If profit intent is ever questioned, the courts will generally put more weight on objective facts rather than the individual’s claims. For this reason, it is important to have your activities clearly separated from the beginning in case the IRS ever questions your motive. The Internal Revenue Code regulations identify nine factors (none of which are individually determinative) to help decipher whether an activity was engaged in for profit:
- The extent to which an individual carries on the activity in a businesslike manner
- An individual’s expertise or reliance on the advice of experts
- The time and effort an individual expends in carrying on the activity
- The expectation that the assets used in the activity may appreciate in value
- An individual’s success in similar activities
- An individual’s history of income or loss from the activity
- The amount of occasional profits, if any
- An individual’s financial status
- The elements of personal pleasure or recreation
Steps to avoid the hobby loss rules
There are a few steps that individuals can take to avoid the hobby loss rules. First, the individual should strive to conduct the activity professionally and in a businesslike manner. You should:
- Document your acquisition of a reasonable level of expertise for the activity and consult experts during this process
- Keep a log or calendar of your involvement and time spent in the activity
- Maintain separate bank account(s) for the activity
- Maintain separate books and records for the activity
- Create a detailed written business plan with annual budgets and projections (often created when outside financing is involved — an excellent resource is the UC Davis Agricultural and Resource Economics current cost of return studies for wine grapes)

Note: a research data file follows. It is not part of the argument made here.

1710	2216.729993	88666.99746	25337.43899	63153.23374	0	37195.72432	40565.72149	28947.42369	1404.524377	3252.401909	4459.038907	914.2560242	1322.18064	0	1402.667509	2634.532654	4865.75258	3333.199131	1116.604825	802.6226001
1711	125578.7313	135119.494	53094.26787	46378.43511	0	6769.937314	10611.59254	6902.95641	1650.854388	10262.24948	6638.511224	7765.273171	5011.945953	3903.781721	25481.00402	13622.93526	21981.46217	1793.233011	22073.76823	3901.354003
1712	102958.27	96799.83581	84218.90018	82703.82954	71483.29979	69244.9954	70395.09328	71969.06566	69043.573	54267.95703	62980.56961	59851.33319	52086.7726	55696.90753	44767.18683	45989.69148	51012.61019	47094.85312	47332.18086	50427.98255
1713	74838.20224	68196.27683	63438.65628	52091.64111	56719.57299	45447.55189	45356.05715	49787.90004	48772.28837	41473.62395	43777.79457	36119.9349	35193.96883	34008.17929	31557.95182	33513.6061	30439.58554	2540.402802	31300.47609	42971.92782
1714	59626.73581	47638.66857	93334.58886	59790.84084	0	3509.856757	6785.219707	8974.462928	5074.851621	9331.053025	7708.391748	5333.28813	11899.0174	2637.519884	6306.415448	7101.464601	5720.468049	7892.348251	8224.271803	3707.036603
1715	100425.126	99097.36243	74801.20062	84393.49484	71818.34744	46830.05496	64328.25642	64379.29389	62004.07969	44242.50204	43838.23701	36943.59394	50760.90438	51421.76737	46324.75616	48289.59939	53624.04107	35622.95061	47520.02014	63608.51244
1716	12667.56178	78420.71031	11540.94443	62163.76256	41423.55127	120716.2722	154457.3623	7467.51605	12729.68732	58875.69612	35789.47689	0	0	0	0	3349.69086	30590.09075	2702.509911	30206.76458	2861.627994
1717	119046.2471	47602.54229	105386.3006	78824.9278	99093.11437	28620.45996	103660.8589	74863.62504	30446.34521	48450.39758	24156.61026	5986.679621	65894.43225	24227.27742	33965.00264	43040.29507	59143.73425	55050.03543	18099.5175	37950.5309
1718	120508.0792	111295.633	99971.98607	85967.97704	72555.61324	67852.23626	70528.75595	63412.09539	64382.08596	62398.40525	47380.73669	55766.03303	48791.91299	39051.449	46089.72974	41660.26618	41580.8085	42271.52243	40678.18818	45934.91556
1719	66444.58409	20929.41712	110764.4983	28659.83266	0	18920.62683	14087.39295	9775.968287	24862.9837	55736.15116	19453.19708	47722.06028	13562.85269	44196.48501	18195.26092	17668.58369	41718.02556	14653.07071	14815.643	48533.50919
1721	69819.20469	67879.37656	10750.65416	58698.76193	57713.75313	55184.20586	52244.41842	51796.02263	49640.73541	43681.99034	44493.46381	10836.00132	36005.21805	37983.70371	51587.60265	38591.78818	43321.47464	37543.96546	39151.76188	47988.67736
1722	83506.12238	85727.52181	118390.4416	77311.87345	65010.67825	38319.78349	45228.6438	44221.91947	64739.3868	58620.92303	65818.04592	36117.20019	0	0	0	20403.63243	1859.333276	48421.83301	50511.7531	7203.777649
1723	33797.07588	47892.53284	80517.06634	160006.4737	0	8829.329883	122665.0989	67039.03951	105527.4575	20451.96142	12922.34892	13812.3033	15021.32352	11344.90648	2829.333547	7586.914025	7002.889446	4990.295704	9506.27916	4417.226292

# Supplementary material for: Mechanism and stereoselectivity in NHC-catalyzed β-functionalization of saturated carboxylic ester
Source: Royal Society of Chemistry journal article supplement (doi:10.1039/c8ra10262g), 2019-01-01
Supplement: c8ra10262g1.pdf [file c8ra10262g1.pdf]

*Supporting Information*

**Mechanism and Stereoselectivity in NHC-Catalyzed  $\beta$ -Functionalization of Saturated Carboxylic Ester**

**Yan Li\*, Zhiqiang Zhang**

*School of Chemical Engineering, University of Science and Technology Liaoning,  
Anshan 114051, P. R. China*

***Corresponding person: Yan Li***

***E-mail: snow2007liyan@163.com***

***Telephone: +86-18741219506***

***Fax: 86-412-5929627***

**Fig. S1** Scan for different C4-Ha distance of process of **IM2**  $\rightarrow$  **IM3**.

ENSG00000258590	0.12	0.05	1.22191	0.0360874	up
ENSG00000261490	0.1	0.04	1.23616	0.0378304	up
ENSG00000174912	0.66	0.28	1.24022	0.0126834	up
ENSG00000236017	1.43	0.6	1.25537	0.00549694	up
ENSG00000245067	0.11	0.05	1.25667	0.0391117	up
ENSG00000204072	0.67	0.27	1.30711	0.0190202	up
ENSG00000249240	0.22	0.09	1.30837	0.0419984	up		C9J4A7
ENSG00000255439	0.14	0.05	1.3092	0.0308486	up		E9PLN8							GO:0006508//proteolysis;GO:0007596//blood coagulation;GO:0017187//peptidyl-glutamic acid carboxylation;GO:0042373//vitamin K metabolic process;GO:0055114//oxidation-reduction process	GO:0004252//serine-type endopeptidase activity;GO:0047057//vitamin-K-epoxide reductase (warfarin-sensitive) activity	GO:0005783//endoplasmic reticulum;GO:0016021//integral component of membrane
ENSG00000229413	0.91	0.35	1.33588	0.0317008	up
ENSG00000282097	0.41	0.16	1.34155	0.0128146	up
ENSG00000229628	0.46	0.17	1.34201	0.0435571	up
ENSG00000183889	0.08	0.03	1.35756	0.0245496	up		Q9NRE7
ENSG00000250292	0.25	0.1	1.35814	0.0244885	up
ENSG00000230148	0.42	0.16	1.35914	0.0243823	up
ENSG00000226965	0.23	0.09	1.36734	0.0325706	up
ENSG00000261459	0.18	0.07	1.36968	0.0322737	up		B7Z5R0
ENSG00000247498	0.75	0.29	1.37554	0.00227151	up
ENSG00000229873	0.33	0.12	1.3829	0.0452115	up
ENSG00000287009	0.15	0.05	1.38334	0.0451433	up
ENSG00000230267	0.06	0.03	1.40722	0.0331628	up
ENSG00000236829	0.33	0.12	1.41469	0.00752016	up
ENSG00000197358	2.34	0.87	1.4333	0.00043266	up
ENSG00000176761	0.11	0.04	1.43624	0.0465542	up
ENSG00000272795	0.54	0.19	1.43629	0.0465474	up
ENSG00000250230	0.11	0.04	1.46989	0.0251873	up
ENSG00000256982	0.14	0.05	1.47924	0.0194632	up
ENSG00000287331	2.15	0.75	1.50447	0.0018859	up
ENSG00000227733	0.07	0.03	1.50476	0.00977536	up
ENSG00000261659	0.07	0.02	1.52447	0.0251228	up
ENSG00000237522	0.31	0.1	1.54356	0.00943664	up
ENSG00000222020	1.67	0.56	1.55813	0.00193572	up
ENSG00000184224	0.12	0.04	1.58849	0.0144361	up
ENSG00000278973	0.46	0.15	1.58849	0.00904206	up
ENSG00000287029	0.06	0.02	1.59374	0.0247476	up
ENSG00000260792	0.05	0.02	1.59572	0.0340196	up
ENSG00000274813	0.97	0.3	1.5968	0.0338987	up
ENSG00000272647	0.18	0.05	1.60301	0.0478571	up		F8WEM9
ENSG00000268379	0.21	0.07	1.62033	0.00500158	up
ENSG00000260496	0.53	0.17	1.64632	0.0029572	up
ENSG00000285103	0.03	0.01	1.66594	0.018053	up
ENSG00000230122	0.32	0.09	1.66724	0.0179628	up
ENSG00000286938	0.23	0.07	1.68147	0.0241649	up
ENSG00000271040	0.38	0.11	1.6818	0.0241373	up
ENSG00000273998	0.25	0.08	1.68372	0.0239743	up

- Document changes in operating methods
It’s also important to note that conducting an activity via a pass-through entity, such as a partnership, Limited Liability Company or an S Corporation will not protect against hobby loss rules. These entities are all subject to the same stipulations and should adhere to the same cautions listed above.
Having fun at your job doesn’t make it a hobby
Especially in industries like wine, a taxpayer may both seek profit for their craft as well as enjoy the process along the way. While the taxpayer may hope to generate a profit, they may also enjoy the activity for recreation or leisure. Receiving gratification from an activity does not in itself make the activity “not for profit.” It is of course perfectly acceptable to find pleasure in one’s business endeavors, but make sure that the activities are separate and well documented in the case of an audit.
Do you have questions about the hobby loss rules?
While the hobby loss rules were originally adopted to curtail the deduction of farm hobby losses, the rules are applied to a wide variety of activities and industries. While enjoying your job should not affect your taxes, it is important to understand where the lines are drawn and how to avoid a scuffle with the IRS down the road. If you have any questions about hobby loss rules or how your business may be affected, feel free to contact one of our winery and agriculture specialists.